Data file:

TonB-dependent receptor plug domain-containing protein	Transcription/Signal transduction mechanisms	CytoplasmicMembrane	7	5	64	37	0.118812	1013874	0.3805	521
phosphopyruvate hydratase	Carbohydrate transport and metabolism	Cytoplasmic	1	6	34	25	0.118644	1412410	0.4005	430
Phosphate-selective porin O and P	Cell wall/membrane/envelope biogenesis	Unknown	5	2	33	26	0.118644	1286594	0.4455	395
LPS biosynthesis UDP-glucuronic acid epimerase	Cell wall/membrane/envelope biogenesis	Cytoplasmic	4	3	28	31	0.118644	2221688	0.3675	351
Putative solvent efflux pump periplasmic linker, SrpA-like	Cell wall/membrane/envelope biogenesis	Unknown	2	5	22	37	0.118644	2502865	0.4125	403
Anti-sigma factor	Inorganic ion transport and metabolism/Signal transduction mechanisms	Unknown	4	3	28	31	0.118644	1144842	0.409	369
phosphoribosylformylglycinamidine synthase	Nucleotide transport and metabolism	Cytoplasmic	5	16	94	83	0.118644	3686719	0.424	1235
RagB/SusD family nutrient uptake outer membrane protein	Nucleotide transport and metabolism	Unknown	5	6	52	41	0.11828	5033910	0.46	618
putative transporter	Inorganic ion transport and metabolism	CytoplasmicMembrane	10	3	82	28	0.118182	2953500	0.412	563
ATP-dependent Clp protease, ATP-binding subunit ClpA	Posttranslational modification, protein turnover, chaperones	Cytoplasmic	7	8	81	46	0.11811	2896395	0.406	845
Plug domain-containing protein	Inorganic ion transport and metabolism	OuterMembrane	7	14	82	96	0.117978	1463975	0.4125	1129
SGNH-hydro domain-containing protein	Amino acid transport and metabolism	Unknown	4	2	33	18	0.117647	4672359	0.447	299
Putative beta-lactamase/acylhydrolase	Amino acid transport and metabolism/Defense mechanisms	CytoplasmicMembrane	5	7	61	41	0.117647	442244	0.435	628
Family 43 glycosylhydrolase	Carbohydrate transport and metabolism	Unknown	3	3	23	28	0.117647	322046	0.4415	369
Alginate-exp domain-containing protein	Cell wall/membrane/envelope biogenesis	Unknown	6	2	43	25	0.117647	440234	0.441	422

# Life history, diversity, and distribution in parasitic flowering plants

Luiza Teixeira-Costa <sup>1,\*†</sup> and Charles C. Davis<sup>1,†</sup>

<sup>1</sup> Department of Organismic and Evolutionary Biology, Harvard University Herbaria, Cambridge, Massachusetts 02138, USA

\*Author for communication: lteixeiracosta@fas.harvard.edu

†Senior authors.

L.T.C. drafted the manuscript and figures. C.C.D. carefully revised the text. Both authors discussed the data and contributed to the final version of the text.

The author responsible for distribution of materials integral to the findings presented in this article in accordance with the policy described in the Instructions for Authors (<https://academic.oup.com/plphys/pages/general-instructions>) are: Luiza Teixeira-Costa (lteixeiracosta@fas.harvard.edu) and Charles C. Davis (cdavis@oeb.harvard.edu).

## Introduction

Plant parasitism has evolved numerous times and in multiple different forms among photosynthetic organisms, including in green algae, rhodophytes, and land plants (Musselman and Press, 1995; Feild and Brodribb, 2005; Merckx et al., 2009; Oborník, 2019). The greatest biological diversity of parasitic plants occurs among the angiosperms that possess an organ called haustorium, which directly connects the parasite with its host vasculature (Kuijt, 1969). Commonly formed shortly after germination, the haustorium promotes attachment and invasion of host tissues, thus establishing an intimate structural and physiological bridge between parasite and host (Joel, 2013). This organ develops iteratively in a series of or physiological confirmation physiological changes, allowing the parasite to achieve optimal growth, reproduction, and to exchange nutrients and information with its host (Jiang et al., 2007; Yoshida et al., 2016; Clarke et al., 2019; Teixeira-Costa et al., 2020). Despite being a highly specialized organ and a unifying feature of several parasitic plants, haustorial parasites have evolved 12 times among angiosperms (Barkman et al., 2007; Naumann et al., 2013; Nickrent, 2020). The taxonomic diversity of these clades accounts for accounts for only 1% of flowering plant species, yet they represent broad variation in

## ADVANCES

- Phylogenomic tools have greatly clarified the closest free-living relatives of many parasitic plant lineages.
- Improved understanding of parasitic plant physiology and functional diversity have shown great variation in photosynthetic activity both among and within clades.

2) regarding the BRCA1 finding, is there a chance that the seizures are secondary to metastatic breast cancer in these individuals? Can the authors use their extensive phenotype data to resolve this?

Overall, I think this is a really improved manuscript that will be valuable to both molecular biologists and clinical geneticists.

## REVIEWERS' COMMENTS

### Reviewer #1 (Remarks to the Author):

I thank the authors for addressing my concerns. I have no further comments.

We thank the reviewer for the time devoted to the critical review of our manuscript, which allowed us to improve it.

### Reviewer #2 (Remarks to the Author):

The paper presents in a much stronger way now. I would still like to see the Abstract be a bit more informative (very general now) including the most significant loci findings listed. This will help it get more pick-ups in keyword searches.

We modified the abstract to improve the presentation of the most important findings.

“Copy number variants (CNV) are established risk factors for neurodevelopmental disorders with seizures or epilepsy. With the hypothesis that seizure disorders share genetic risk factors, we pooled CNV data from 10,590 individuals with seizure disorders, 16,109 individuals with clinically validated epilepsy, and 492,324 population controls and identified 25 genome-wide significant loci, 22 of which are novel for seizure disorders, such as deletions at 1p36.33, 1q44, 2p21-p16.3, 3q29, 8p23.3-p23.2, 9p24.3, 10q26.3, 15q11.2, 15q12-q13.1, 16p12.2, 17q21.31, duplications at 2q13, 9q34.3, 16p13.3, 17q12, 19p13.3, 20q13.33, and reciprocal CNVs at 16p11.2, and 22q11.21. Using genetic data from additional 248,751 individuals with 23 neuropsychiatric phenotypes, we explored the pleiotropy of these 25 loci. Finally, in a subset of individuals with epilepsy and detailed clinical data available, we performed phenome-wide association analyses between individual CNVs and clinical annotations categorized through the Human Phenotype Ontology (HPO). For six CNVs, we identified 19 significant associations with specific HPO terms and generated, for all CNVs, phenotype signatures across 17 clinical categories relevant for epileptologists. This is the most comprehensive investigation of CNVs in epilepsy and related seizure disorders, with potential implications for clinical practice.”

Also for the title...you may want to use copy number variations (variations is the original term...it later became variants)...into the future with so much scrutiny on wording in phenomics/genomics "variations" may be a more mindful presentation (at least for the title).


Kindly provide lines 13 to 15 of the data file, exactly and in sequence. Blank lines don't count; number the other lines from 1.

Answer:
Putative beta-lactamase/acylhydrolase	Amino acid transport and metabolism/Defense mechanisms	CytoplasmicMembrane	5	7	61	41	0.117647	442244	0.435	628
Family 43 glycosylhydrolase	Carbohydrate transport and metabolism	Unknown	3	3	23	28	0.117647	322046	0.4415	369
Alginate-exp domain-containing protein	Cell wall/membrane/envelope biogenesis	Unknown	6	2	43	25	0.117647	440234	0.441	422